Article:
A Sousa band concert reimagined as a solo trombone recital

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dc.contributor Biermann, Joanna Cobb
dc.contributor Houghtaling, Paul H.
dc.contributor Shaughnessy, Kevin H.
dc.contributor Snead, Charles
dc.contributor Zaheri, Amir
dc.contributor.advisor Whitaker, Jonathan
dc.contributor.author Houghtling, Jonathan David
dc.date.accessioned 2019-08-01T14:23:44Z
dc.date.available 2019-08-01T14:23:44Z
dc.date.issued 2004-05
dc.identifier.other u0015_0000001_0003271
dc.identifier.other Houghtling_alatus_0004D_13839
dc.identifier.uri http://ir.ua.edu/handle/123456789/6084
dc.description Electronic Thesis or Dissertation
dc.description.abstract John Philip Sousa is primarily known around the world for his march compositions. He was even given the nickname “The March King” by a British band journal. Compositions such as The Stars and Stripes Forever, The Washington Post March, and The Liberty Bell are still considered staples of the American wind band repertoire. What is not as well known is that Sousa was one of the most important musical figures in American history. He was responsible for bringing classical music to many Americans who had never been exposed to it before. At the turn of the nineteenth century, live entertainment was immensely popular. There were no television, radio, or movies. Even the phonograph was in its very primitive state, and was not found in the average home. Due to the lack of means to travel greater distances, most Americans stayed close to home. For these reasons, the only way to experience music was through live performances. Through numerous national and international tours, the Sousa Band was able to bring music to the people, and that helped change the international opinion that American music was inferior and not to be taken seriously. Sousa’s own band was without question the most popular and respected American classical music ensemble of its time. My interest in this topic stems from Sousa’s unique programming for his band’s concerts. Since Sousa was one of the first Americans to utilize a civilian concert band, his programming did not need to follow any sort of pre-existing parameters. I plan to study archived programs of the band’s 39-year history and determine a formula that can in turn be utilized for programming a solo trombone recital. John Philip Sousa was primarily concerned with providing music that all types of audience members would enjoy. He was, in other words, “a man of the people.” Through combining classical European masterpieces, popular American songs of the day, Sousa’s own personal compositions, in addition to utilizing a variety of virtuosic soloists, this unique programming combination was the primary factor for the band’s continued global success over 39 years. Appendix I contains the recital program that this manuscript accompanies. Appendix II contains a list of additional pieces that could be utilized for a Sousa Band Concert Reimagined as a Solo Trombone Recital. Not all of these works were necessarily performed by the Sousa Band but all of them were written during the time of the Sousa Band, and each one falls into one of the four programming categories discussed later in more detail.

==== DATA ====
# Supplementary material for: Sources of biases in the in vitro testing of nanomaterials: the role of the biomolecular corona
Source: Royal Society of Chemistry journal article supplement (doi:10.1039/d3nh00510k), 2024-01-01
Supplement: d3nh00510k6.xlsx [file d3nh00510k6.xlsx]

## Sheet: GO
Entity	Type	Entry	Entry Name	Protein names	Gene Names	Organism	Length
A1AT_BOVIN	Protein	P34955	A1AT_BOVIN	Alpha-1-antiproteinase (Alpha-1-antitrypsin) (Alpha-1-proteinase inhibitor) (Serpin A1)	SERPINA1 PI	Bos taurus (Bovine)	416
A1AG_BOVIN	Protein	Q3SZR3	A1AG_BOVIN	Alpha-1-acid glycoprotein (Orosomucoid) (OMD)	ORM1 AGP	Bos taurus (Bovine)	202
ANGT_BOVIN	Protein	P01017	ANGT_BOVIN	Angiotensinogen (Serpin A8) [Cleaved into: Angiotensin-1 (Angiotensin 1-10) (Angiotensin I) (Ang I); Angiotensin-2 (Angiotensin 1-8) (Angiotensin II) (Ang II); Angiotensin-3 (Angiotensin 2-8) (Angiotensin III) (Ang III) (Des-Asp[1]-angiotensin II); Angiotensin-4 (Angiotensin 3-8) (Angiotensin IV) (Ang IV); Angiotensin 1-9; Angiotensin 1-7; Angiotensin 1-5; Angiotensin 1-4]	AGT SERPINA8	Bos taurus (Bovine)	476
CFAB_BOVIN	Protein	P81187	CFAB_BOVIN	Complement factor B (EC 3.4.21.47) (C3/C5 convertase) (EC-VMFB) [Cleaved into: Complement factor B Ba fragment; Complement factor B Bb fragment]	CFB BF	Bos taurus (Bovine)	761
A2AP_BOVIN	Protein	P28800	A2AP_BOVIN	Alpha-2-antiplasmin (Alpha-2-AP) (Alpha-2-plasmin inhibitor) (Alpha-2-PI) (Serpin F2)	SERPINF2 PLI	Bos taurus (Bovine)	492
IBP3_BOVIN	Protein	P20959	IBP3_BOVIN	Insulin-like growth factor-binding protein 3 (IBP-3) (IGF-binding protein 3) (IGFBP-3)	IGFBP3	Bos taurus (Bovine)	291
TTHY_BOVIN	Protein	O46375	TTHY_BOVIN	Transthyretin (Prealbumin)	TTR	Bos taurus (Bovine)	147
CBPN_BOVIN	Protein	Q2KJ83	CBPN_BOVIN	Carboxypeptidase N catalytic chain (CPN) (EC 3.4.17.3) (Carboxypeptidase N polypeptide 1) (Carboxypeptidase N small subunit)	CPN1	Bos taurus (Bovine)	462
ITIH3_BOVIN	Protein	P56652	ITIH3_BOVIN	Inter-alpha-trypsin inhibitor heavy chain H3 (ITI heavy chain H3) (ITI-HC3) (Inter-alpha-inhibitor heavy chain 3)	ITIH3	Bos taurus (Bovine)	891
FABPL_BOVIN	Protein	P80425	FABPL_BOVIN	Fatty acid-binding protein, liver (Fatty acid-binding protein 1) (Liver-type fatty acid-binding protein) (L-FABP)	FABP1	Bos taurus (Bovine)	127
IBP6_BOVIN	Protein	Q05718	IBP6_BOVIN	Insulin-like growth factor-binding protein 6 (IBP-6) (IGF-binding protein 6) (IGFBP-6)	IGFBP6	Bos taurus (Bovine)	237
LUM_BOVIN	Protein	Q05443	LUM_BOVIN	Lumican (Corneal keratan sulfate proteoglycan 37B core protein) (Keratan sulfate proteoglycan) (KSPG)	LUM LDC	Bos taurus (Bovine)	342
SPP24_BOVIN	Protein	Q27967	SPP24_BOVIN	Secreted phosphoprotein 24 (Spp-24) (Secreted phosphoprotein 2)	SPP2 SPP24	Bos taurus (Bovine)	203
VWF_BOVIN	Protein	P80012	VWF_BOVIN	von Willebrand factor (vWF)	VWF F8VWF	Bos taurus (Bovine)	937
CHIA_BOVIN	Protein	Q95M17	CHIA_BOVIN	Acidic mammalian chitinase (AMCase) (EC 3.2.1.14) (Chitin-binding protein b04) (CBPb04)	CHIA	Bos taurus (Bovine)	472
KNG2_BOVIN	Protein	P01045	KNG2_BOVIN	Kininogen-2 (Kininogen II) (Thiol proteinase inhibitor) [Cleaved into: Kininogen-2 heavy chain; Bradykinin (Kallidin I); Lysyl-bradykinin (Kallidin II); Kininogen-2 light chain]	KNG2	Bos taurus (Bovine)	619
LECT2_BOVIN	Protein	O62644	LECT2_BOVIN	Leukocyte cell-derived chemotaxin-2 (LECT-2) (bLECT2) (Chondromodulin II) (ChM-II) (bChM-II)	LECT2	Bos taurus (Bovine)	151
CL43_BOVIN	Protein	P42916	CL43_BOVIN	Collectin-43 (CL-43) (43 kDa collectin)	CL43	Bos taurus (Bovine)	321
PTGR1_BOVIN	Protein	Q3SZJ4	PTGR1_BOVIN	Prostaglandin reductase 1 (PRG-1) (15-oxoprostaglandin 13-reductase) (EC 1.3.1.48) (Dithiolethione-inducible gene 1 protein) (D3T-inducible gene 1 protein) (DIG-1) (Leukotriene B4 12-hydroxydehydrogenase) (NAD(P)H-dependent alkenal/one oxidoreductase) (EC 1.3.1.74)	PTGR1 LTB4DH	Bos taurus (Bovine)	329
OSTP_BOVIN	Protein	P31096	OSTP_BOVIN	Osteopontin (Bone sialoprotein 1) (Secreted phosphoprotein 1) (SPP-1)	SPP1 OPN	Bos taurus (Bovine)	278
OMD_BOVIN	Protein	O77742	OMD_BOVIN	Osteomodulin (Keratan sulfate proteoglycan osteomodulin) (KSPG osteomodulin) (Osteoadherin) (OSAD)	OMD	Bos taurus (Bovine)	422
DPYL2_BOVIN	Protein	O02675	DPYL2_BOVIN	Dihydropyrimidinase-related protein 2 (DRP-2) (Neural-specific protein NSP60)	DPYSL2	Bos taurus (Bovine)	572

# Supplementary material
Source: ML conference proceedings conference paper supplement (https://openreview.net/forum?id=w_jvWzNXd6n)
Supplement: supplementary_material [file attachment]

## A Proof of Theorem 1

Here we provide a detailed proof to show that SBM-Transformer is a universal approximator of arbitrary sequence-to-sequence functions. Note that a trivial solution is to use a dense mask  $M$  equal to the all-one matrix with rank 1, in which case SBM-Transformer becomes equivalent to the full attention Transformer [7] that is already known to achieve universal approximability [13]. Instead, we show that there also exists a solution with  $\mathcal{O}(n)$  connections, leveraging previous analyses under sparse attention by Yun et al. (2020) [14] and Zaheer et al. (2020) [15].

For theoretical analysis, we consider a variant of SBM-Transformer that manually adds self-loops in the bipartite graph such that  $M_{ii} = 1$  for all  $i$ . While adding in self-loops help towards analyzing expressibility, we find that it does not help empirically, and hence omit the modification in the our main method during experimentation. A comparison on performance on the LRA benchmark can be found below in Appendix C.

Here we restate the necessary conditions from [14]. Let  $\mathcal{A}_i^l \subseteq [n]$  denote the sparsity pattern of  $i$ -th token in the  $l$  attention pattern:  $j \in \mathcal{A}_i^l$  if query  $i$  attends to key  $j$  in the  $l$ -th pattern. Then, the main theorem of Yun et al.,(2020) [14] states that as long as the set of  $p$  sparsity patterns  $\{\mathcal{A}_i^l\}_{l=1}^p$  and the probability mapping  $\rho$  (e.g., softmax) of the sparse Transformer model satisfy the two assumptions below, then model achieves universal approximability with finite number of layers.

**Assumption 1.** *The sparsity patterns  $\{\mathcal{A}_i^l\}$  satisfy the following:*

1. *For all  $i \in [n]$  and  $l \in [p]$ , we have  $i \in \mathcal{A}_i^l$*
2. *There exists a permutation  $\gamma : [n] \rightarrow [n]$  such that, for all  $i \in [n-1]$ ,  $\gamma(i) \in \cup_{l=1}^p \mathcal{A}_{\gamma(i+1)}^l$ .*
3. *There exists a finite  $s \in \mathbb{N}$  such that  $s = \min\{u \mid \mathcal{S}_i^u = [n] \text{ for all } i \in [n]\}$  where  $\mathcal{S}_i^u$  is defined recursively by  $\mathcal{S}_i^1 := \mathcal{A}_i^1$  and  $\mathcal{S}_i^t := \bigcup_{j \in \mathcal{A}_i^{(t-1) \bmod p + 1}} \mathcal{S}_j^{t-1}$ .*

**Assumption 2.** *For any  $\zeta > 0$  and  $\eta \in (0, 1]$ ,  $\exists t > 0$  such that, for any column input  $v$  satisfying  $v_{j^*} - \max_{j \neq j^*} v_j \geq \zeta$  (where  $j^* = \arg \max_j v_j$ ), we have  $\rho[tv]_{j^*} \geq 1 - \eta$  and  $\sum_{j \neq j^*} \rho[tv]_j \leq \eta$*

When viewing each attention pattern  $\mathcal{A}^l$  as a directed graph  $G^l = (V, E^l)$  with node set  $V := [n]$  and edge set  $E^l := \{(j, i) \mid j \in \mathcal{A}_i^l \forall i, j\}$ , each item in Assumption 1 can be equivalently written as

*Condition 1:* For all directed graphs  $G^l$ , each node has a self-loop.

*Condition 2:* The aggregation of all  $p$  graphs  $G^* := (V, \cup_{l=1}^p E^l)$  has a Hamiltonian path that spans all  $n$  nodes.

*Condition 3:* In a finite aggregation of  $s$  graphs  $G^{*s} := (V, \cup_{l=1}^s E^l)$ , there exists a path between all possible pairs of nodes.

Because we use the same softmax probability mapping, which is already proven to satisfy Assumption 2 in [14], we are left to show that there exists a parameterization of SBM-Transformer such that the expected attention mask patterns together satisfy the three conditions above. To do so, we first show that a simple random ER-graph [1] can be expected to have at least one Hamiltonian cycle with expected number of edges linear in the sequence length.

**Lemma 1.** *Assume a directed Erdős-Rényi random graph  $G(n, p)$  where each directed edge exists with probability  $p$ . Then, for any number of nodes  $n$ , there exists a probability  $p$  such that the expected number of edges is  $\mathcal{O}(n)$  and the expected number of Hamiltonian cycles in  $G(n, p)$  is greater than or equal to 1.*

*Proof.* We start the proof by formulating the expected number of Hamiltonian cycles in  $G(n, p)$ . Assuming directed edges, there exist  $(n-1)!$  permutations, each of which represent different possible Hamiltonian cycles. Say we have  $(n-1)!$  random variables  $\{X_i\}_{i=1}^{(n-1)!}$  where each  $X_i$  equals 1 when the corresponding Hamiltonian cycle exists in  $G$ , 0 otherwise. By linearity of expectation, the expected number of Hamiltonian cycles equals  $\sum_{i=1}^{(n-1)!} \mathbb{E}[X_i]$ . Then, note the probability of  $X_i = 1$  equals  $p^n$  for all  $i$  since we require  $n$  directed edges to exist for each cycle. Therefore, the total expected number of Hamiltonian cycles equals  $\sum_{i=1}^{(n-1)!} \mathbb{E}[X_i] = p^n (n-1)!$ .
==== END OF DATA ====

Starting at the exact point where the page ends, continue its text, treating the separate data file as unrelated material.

dc.format.extent 55 p.
dc.format.medium electronic
dc.format.mimetype application/pdf
dc.language English
dc.language.iso en_US
dc.publisher University of Alabama Libraries
dc.relation.ispartof The University of Alabama Electronic Theses and Dissertations
dc.relation.ispartof The University of Alabama Libraries Digital Collections
dc.relation.hasversion born digital
dc.rights All rights reserved by the author unless otherwise indicated.
dc.subject.other Music
dc.title A Sousa band concert reimagined as a solo trombone recital
dc.type thesis
dc.type text
etdms.degree.department University of Alabama. School of Music
etdms.degree.discipline Music
etdms.degree.grantor The University of Alabama
etdms.degree.level doctoral
etdms.degree.name D.M.A.

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